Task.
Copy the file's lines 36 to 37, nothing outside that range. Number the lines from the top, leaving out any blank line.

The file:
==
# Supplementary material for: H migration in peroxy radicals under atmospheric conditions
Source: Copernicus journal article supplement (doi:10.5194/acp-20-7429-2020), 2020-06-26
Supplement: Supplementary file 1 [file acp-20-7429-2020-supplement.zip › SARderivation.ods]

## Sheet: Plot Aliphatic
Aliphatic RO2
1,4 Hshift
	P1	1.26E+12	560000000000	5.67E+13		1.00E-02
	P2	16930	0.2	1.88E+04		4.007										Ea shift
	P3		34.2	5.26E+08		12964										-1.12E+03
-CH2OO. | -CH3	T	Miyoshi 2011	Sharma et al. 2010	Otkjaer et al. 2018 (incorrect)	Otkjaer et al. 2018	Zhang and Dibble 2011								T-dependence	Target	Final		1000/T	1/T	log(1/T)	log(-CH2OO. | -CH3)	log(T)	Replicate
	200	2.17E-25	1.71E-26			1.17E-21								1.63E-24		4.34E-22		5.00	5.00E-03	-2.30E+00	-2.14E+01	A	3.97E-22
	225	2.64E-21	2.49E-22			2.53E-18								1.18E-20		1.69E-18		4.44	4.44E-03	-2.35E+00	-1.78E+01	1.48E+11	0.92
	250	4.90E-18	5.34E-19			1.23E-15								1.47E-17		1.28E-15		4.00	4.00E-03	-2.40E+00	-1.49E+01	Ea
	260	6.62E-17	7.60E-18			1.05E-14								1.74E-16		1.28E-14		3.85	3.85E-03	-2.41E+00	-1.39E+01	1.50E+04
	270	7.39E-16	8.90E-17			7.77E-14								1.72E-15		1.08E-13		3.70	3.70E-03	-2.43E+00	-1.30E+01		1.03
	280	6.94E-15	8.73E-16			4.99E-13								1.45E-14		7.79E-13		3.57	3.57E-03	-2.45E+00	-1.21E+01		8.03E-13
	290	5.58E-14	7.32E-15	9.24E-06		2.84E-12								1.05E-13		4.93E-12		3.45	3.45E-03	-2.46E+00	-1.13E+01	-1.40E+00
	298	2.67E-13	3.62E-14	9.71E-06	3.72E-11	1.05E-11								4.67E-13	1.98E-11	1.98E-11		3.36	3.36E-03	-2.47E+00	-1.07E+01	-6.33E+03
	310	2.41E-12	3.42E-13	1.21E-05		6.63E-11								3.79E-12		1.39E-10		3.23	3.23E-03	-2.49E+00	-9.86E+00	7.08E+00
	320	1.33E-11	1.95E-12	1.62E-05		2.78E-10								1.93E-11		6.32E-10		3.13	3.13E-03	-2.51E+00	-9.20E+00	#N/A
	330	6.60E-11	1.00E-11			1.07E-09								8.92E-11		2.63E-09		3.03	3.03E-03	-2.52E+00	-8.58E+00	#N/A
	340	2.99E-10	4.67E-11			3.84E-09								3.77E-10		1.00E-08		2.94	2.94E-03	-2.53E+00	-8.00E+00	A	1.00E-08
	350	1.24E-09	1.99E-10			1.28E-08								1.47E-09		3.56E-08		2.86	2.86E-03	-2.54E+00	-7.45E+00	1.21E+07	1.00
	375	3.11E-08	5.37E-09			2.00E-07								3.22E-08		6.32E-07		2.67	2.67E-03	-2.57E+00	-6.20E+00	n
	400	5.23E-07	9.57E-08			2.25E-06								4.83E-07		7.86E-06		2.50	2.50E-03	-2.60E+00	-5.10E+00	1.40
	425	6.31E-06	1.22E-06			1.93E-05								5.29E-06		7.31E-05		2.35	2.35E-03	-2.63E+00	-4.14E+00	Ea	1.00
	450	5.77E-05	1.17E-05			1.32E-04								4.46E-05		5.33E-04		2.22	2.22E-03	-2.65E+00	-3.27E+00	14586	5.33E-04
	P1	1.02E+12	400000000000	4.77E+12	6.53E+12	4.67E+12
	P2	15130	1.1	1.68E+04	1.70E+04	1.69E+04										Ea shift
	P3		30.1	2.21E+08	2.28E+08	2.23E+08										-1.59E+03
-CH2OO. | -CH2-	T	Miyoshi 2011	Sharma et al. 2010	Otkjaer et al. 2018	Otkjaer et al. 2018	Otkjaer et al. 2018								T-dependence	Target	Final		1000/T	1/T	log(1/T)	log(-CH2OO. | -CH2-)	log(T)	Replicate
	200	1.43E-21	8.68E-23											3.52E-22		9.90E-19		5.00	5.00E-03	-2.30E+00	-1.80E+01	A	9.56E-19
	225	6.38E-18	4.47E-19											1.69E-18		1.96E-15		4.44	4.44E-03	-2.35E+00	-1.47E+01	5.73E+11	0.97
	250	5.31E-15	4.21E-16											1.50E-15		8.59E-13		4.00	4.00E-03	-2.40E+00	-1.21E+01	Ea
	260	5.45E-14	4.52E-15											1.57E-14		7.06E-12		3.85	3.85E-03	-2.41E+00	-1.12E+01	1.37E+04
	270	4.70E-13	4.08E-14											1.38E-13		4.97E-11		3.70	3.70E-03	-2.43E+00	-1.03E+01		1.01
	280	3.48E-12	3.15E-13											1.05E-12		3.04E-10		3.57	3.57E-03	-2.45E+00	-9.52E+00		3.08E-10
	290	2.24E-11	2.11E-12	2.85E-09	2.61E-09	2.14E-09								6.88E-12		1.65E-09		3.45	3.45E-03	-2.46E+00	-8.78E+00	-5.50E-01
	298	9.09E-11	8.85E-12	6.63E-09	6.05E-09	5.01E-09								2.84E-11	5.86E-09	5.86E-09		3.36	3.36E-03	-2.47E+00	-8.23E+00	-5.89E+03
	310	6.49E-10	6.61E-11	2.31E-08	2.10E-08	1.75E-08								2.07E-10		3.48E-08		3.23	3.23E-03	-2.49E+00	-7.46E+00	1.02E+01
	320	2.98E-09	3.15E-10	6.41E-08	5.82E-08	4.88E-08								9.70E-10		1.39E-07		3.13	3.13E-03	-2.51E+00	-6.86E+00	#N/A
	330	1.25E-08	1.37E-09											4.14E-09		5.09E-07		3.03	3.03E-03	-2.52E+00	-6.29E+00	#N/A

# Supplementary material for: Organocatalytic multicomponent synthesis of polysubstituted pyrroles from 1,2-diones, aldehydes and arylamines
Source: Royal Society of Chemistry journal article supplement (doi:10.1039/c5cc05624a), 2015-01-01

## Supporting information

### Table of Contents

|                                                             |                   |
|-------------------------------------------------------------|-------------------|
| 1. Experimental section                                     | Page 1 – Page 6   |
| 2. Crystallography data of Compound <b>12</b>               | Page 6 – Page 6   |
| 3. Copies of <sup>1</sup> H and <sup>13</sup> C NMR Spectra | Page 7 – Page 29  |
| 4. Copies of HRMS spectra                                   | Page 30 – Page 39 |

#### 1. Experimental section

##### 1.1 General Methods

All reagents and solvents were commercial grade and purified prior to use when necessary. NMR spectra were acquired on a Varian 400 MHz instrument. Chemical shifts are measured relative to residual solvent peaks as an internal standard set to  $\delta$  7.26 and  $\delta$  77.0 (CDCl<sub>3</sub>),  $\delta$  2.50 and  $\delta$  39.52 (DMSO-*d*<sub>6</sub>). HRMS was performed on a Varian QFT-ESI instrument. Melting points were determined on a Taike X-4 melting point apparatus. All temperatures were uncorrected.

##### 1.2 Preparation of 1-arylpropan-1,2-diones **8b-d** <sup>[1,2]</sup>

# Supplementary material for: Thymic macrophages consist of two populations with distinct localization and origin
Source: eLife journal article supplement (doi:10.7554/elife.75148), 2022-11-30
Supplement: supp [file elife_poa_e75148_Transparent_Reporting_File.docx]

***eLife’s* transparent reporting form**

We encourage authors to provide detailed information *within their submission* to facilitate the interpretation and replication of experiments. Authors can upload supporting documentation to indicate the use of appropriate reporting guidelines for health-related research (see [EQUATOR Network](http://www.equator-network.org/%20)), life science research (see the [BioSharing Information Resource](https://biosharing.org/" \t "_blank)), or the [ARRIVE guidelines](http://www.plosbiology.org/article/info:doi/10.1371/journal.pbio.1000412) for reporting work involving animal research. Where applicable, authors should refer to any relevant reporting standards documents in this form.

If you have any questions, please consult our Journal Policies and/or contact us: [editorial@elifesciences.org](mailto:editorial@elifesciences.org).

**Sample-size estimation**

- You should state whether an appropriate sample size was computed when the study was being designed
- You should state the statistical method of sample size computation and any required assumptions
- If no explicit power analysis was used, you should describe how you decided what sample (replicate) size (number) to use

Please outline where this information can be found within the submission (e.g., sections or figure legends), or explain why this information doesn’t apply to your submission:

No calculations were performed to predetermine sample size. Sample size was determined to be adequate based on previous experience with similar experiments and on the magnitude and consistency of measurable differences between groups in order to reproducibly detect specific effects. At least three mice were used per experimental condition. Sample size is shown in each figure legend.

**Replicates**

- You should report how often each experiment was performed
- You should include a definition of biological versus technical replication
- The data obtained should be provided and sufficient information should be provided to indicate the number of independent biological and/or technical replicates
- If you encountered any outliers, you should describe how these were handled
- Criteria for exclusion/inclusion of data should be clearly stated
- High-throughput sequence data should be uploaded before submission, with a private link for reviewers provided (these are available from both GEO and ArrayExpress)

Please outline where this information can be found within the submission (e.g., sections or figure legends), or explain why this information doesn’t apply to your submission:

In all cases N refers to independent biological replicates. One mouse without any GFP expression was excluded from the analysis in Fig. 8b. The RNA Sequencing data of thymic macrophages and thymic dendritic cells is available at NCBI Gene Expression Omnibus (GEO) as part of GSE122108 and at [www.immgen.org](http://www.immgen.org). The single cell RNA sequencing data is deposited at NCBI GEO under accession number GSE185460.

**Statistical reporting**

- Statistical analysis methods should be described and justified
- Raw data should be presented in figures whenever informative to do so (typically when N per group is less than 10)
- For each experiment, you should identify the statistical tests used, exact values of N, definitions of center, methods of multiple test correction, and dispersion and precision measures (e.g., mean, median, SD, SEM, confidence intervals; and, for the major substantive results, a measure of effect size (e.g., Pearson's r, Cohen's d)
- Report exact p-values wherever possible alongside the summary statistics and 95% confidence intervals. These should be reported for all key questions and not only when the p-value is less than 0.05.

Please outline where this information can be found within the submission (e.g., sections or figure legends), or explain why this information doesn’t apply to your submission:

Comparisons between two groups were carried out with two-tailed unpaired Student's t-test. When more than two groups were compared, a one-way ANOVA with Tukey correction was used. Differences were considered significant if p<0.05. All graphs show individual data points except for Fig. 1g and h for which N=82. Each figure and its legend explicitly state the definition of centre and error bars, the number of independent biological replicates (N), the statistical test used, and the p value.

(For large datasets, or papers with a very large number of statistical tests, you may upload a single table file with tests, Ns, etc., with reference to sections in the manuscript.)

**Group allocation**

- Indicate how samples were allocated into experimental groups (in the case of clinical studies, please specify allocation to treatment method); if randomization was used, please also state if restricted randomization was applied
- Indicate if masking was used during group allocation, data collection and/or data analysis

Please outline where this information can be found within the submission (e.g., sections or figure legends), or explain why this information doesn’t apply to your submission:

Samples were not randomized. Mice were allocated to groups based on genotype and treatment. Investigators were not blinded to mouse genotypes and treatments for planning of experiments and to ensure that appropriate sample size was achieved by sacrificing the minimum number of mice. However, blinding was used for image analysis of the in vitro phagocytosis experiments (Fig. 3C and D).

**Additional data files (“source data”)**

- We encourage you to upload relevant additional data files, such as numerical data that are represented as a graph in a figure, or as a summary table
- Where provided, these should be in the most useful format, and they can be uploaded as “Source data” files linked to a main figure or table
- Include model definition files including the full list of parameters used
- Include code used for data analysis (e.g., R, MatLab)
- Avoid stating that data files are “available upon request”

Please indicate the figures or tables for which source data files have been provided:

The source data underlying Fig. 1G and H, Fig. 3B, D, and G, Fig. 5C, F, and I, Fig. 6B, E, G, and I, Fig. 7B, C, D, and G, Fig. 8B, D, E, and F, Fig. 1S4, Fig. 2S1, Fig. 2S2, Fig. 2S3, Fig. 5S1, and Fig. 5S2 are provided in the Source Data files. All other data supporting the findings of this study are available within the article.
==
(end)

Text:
	270	4.70E-13	4.08E-14											1.38E-13		4.97E-11		3.70	3.70E-03	-2.43E+00	-1.03E+01		1.01
	280	3.48E-12	3.15E-13											1.05E-12		3.04E-10		3.57	3.57E-03	-2.45E+00	-9.52E+00		3.08E-10